Improvements in plant stress response. “When a plant encounters drought, it does its best to cope with this stress by activating a set of protein molecules called receptors. A team of plant cell biologists led by Sean Cutler, an associate professor of plant cell biology at the University of California, Riverside has discovered how to rewire this cellular machinery to heighten the plants’ stress response. It’s a finding that brings drought-tolerant crops a step closer to becoming a reality.” More on the story.
Plants subjected to a previous period of drought learn to deal with the stress thanks to their memories of the experience, new research has found. “This phenomenon of drought hardening is in the common literature but not really in the academic literature,” said Michael Fromm, a University of Nebraska-Lincoln plant scientist who was part of the research team. “The mechanisms involved in this process seem to be what we found.” Working with Arabidopsis, resear
chers found that pre-stressed plants bounced back more quickly the next time they were dehydrated. Specifically, the nontrained plants wilted faster than trained plants and their leaves lost water at a faster rate than trained plants.” More on the story.
Biofuels and energy crop developments in drought tolerance
Super-performing corn hybrid. In February, University of Illinois researchers developed a new maize hybrid that they report will produce as much as 15% to 20% more biomass given the same amount of fertilizer as commercial hybrids. The hybrid is a mix of both tropical and temperate maize, with increased drought resistance and sugars in the corn stalk, while lowering vulnerabilities to pests and diseases. The researchers state that the increased stalk sugars will increase ethanol production. More on the story.
Drought-tolerant corn trait. Last December, the U.S. Department of Agriculture deregulated MON 87460, Monsanto’s first-generation drought-tolerant trait for corn. Drought-tolerant corn is projected to be introduced as part of an overall system that would offer farmers improved genetics, agronomic practices and the drought trait. Monsanto plans to conduct on-farm trials in 2012 to give farmers experience with the product, while generating data to help inform the company’s commercial decisions. The drought-tolerant trait is part of Monsanto’s Yield and Stress collaboration in plant biotechnology with Germany-based BASF. More on the story.
Stress-related hormones enable plant response. In December, researchers at UC Riverside reported a way to heighten a plant’s cellular response to drought. Plants under drought stress produce abscisic acid, a stress hormone to help the plant survive. The research, conducted at the laboratory of Associate Professor Sean Cutler, has now succeeded in supercharging the plant’s stress response pathway by modifying the abscisic acid receptors so that they can be turned on at will and stay on. This could bring drought-tolerant crops a step closer to becoming a reality. More on the story.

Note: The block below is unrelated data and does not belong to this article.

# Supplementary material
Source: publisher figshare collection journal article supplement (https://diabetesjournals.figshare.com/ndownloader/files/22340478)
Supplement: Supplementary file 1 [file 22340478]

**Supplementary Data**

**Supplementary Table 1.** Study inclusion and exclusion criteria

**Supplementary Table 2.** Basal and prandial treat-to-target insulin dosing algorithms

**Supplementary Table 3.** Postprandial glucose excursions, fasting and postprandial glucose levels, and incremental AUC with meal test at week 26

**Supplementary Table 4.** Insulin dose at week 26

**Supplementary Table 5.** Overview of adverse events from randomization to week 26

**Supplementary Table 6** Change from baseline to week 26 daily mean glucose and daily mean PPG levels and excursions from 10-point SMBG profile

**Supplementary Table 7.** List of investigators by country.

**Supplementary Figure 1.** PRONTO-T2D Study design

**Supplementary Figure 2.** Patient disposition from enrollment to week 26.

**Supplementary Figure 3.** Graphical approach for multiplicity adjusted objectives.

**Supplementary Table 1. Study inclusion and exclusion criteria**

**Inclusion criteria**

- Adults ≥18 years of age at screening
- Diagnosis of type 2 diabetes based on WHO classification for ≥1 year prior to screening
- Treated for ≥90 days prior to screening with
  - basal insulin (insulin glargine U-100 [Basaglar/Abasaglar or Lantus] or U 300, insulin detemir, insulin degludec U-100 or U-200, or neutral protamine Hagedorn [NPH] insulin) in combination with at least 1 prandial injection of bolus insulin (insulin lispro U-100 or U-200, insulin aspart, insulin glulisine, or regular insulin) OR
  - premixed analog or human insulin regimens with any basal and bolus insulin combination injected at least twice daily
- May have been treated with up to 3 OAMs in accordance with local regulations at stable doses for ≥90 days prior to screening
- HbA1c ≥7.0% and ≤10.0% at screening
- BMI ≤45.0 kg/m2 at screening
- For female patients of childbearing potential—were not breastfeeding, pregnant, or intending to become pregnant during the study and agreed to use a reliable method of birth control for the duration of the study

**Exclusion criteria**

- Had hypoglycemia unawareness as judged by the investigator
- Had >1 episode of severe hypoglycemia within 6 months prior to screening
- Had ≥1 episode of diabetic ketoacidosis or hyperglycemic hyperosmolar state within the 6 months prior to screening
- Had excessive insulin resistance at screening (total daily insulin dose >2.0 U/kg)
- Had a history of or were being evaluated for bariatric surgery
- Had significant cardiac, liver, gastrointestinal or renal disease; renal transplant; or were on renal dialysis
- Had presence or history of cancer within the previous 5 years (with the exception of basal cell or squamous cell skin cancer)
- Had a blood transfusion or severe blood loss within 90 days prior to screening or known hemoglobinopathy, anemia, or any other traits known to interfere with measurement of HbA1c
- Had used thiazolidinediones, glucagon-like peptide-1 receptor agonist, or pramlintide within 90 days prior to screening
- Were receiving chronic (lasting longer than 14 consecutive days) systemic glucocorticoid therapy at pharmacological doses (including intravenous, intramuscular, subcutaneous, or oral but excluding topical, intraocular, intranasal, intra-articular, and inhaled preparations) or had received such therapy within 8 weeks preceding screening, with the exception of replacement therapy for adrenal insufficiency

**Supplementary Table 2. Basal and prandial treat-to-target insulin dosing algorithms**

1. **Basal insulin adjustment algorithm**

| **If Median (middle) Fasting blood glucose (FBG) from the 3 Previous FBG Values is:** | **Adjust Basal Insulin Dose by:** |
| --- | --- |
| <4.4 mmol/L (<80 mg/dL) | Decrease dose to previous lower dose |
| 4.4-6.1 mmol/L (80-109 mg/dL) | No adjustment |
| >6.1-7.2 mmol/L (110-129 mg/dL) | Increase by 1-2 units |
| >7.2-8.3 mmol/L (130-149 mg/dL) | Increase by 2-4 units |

Genetic mutation enables drought endurance. Last year, researchers at Purdue University found a genetic mutation that allows a plant to better endure drought without losing biomass. During drought conditions, a plant might close its stomata to conserve water which also reduces the amount of carbon dioxide it can take in, limiting photosynthesis and growth, but the discovery shows plants with a mutant form of the gene GTL1, did not reduce carbon dioxide intake nor lose biomass. It did have a 20 percent reduction in transpiration, however. More on the story.
Who’s working on drought-resistance energy crops?
In specific bioenergy crops, companies such as Ceres (CERE, switchgrass, energy cane in the Blade energy crop family) and Mendel Biotechnologies (miscanthus) have been garnering the most attention as they bring new traits forward for the new integrated biorefineries utilizing energy crops. SG Biofuels are also working on traits related to jatropha, which has a history of low-water tolerance.
The bottom line
For now, expect panic – more investors will be reading Reuters and Yahoo than Biofuels Digest or AltEnergyStocks, and can be expected to freak out. Impacts may include – corn ethanol production shutdowns, rising corn prices, rising RIN prices as obligated ethanol blenders look around for alternatives, or rising ethanol prices as the blenders chase product with price. Corn stocks may fall as hoarding commences and high prices bring out all the sellers.
It’s real, but not yet dire. For now, know that drought is real and widespread, but not as exceptionally severe today, across the US, as even last year’s more limited drought conditions.
It’s regional, so far. The drought has kept away from major ethanol producing states, by and large, like Iowa, South Dakota, Minnesota – but is hitting Illinois and Indiana hard.
July is key. July always is key – it’s just a critical rain and heat month, for crop yields. This year more than ever.
Science is advancing. Keep in mind that crops are more resistant than in the past to environmental stress.
Be vigilant, investor! When panic and worry spreads, and information is scarce, there’s money to be made in the markets, but it requires nerves of steel to keep your cool when everyone around you in losing theirs.
Jim Lane is editor and publisher of Biofuels Digest where this article was originally published. Biofuels Digest is the most widely read Biofuels daily read by 14,000+ organizations. Subscribe here.